In The Teeth of a Slow Machine Andrew Roff displays his sense of both formal and stylistic fun, with a tendency to amplify the taken-for-granted unheimlich of the everyday. Here narrative tension usually depends on dramatic irony, with characters often ignorant of the significance of their own stories, even as moral and philosophical messages are clearly signalled to the knowing reader. His subjects include a PhD candidate protagonist coolly reporting on their hideously unethical research project, which entails examining the mind-body problem by torturing refugees imprisoned in a detention camp, and a train barrelling towards children playing on the tracks, a train seen by the reader long before it is seen by the children. Another is written from the perspective of a sports mascot whose identity has become inextricably blended with the giraffe costume he’s reluctant to remove. He commits to his team in a world disintegrating due to some unnamed geopolitical or environmental disturbance, the consequences of which cloud the edges of his vision, before becoming unavoidable. 

Several of Roff’s characters earnestly parrot the language of the marketing department – a man of inherited wealth who flies with prototype wings revels in his status as a beta tester of the rarefied technology; in the opening story, a noir-riff that follows an investigator hired by a fried chicken chain to shut down would-be imitators, the narrator speaks reverently of the Founder and the Recipe. George Saunders, whose characters habitually find themselves tortured by narrative logic, is a clear inspiration. Similarly, Roff’s characters commit moral transgressions happily, or are hapless victims of circumstances incomprehensible to them; although Roff more emphatically enjoys his characters’ ignorance of their significance, enjoys finding absurd what they take seriously.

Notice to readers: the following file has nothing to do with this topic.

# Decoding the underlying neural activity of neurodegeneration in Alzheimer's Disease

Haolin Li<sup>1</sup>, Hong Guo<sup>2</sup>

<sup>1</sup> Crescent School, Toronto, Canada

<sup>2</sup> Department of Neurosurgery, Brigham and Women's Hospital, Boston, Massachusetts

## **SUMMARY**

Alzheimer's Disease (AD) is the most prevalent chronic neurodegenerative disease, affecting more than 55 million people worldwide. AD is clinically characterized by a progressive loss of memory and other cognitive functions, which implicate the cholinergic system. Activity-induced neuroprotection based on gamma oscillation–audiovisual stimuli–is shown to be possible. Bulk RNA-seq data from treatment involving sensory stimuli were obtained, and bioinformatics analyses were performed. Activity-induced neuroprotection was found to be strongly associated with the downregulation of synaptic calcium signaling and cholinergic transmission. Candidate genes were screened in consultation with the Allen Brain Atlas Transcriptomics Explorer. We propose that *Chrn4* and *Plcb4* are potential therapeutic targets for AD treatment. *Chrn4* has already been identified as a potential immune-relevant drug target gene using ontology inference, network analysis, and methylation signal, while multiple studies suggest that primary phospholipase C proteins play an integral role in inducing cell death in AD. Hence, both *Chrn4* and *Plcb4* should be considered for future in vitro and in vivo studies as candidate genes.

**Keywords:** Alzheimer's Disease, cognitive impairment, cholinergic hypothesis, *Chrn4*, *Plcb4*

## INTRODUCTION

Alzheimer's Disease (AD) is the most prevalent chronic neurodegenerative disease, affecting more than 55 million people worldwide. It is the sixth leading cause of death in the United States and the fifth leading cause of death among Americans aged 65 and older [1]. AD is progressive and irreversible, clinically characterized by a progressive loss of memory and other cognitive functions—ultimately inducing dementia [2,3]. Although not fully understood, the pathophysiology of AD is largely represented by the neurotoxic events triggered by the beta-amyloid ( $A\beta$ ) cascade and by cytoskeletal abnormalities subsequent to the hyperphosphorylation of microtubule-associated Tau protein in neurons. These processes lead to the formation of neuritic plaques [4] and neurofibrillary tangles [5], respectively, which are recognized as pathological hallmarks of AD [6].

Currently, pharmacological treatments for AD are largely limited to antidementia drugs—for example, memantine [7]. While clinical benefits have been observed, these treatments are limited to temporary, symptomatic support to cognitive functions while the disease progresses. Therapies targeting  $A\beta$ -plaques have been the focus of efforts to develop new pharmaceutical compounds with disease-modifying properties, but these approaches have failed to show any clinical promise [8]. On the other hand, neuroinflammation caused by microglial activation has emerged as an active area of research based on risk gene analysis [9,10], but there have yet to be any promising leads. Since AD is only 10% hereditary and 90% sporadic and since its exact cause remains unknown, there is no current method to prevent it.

This is dramatised by a story titled ‘Reality Quest’, which takes the form of a text-based role-playing game, wherein the narrative responds to player input. This story depends on two jokes: the first is that the game is being played by a girl despite clearly being meant for a boy (when asked to name her child, she names it ‘bieber’), the second is that the game follows the filthy cruelty of medieval life, with no room for sword-swinging heroism or porcelain-skinned princesses. Instead it immerses the player in an existence that is nasty, brutish and short, involving a mangled horse, dull and poorly recompensed hard labour, amputation, and a vicious and violent father-in-law. The girl clearly finds the game disgusting, but sees it through to its grim, dissatisfying end. The obvious analogue is that of reader and writer, but Roff tends to be antagonistic not towards his reader but rather towards his characters. 

Recurring details are threaded through the collection, which suggest some overarching frame with which the book might be approached. In ‘No Good Deed,’ a story about an archaeologist who works to advance the interests of mining companies against the wishes of Indigenous populations has begun to experience blackouts during which she undertakes virtuous acts against her will. A priest, explaining the world’s spiritual complexity, tells her that the Sumerians believed in seven discrete heavens, a gesture that fails to endear him to the protagonist. A later story, ‘Third Heaven’, follows a woman who believes herself to be in a dissatisfying heaven but it is gradually revealed (to us, not to her) that she is in fact in a nursing home. In the story that precedes ‘Reality Quest’ a child plays a video game of the same name despite the admonitions of his mother. Roff’s seeming pact with the reader depends on this knowingness that the reader possesses in lieu of his characters, as we surveil them and their frailty.

Where the backdrops of Roff’s stories are the neurotic and hypocritical psyches of characters incapacitated by the gap between perception and reality, the perspectives in Ben Walter’s What Fear Was often seem secondary, or subject, to the landscapes in which they are contextualised, whether urban, suburban, regional, or remote.